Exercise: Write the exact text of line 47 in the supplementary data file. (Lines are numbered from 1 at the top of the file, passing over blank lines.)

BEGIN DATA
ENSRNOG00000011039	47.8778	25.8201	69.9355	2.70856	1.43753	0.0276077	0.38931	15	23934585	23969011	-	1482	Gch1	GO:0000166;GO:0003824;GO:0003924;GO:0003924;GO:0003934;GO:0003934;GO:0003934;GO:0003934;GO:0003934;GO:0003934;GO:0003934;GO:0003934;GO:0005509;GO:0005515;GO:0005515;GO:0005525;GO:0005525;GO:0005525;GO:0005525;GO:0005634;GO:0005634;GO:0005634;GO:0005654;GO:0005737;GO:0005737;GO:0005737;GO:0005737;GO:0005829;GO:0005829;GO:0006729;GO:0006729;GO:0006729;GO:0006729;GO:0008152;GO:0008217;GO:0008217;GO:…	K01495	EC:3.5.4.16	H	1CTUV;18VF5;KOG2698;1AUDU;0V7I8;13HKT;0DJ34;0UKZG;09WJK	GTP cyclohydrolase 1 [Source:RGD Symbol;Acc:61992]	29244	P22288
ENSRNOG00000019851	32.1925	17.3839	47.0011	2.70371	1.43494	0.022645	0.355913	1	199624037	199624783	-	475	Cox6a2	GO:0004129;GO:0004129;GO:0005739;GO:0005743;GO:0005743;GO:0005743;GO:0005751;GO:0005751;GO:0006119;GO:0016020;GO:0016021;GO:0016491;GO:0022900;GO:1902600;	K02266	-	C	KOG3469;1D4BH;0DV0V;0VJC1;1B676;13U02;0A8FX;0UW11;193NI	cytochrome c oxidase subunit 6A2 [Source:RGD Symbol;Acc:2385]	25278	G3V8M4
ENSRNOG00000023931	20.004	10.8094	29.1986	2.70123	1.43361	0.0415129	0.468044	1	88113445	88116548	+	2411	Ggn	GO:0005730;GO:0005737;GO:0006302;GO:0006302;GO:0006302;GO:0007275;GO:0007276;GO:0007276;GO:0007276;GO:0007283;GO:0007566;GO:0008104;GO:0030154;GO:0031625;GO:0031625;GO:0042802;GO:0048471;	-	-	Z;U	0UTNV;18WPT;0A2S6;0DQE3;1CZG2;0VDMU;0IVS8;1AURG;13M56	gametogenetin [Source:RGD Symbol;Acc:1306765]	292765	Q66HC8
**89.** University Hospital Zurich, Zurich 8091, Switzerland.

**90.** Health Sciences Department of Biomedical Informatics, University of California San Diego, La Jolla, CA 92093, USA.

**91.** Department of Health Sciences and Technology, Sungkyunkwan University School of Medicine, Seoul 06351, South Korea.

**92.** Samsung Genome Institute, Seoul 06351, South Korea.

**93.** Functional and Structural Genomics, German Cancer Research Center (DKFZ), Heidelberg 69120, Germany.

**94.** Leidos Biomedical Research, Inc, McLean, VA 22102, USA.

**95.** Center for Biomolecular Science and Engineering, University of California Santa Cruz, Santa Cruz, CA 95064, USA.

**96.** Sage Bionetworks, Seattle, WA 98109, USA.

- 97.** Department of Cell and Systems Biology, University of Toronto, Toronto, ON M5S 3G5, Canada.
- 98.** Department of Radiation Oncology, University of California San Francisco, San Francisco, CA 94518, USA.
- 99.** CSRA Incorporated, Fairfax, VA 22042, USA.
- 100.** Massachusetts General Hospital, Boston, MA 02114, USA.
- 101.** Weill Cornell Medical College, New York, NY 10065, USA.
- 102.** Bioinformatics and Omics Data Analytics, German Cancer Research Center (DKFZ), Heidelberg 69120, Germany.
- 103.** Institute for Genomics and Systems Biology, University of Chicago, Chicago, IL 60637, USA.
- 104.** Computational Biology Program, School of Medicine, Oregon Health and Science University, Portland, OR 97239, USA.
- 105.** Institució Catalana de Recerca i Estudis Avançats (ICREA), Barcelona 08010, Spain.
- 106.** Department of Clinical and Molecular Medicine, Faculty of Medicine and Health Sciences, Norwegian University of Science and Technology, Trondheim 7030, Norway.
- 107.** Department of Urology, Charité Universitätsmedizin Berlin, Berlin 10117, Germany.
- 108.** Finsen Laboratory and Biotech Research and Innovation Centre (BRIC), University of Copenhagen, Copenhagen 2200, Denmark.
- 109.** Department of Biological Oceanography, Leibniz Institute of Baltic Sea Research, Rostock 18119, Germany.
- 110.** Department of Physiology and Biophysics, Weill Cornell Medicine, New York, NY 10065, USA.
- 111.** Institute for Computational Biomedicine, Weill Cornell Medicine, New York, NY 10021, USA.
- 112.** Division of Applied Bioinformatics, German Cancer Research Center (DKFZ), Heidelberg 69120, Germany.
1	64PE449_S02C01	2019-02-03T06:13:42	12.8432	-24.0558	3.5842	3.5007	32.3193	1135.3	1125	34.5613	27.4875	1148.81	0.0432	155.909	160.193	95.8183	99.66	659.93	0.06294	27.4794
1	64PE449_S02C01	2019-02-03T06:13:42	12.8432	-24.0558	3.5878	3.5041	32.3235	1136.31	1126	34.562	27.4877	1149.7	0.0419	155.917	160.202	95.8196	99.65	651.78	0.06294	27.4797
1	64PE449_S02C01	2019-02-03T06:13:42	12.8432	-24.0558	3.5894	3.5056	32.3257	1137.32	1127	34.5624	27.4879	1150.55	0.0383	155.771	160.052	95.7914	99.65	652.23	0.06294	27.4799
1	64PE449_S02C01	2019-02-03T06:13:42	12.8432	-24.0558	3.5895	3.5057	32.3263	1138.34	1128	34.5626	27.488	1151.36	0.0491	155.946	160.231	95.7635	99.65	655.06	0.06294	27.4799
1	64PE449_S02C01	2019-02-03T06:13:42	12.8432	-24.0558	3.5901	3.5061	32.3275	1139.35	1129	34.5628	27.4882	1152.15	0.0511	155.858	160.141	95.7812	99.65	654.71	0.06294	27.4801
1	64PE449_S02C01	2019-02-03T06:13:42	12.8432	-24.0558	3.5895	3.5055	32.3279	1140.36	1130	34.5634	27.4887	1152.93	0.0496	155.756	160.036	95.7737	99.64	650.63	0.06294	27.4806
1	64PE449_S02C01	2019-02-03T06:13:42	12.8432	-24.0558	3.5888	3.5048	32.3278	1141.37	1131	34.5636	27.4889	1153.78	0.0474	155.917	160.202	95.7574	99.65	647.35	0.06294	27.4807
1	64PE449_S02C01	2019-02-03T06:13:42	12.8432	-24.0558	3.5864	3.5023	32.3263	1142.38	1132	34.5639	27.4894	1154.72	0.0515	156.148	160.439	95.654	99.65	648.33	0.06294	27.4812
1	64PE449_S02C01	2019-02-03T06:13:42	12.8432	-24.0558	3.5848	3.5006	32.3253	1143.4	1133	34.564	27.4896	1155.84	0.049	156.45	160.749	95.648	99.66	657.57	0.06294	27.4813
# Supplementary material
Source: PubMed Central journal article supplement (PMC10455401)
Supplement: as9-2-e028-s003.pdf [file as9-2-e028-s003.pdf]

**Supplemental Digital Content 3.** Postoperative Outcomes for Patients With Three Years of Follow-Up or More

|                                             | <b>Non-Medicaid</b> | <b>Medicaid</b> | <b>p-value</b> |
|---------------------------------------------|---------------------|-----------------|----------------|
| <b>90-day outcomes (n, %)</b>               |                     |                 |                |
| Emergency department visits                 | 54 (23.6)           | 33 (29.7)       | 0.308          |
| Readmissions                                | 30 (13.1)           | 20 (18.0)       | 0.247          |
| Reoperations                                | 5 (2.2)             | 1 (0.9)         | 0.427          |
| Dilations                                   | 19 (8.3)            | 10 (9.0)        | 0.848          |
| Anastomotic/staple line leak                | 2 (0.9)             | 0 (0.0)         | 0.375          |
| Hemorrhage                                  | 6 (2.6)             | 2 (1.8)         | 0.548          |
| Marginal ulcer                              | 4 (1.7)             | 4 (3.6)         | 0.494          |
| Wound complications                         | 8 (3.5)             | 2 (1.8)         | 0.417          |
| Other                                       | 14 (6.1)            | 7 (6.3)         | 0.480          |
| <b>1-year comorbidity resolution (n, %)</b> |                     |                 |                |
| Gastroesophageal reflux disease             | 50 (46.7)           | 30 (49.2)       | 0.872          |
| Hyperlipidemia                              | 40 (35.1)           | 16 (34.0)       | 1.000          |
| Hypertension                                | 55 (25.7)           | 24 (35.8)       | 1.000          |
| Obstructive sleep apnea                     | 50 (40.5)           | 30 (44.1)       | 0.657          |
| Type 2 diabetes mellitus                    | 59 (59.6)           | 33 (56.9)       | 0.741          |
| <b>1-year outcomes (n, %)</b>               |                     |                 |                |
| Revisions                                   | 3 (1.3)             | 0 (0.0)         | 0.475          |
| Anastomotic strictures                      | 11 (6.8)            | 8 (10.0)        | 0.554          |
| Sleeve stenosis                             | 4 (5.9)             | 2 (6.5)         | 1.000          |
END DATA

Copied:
| Dilations                                   | 19 (8.3)            | 10 (9.0)        | 0.848          |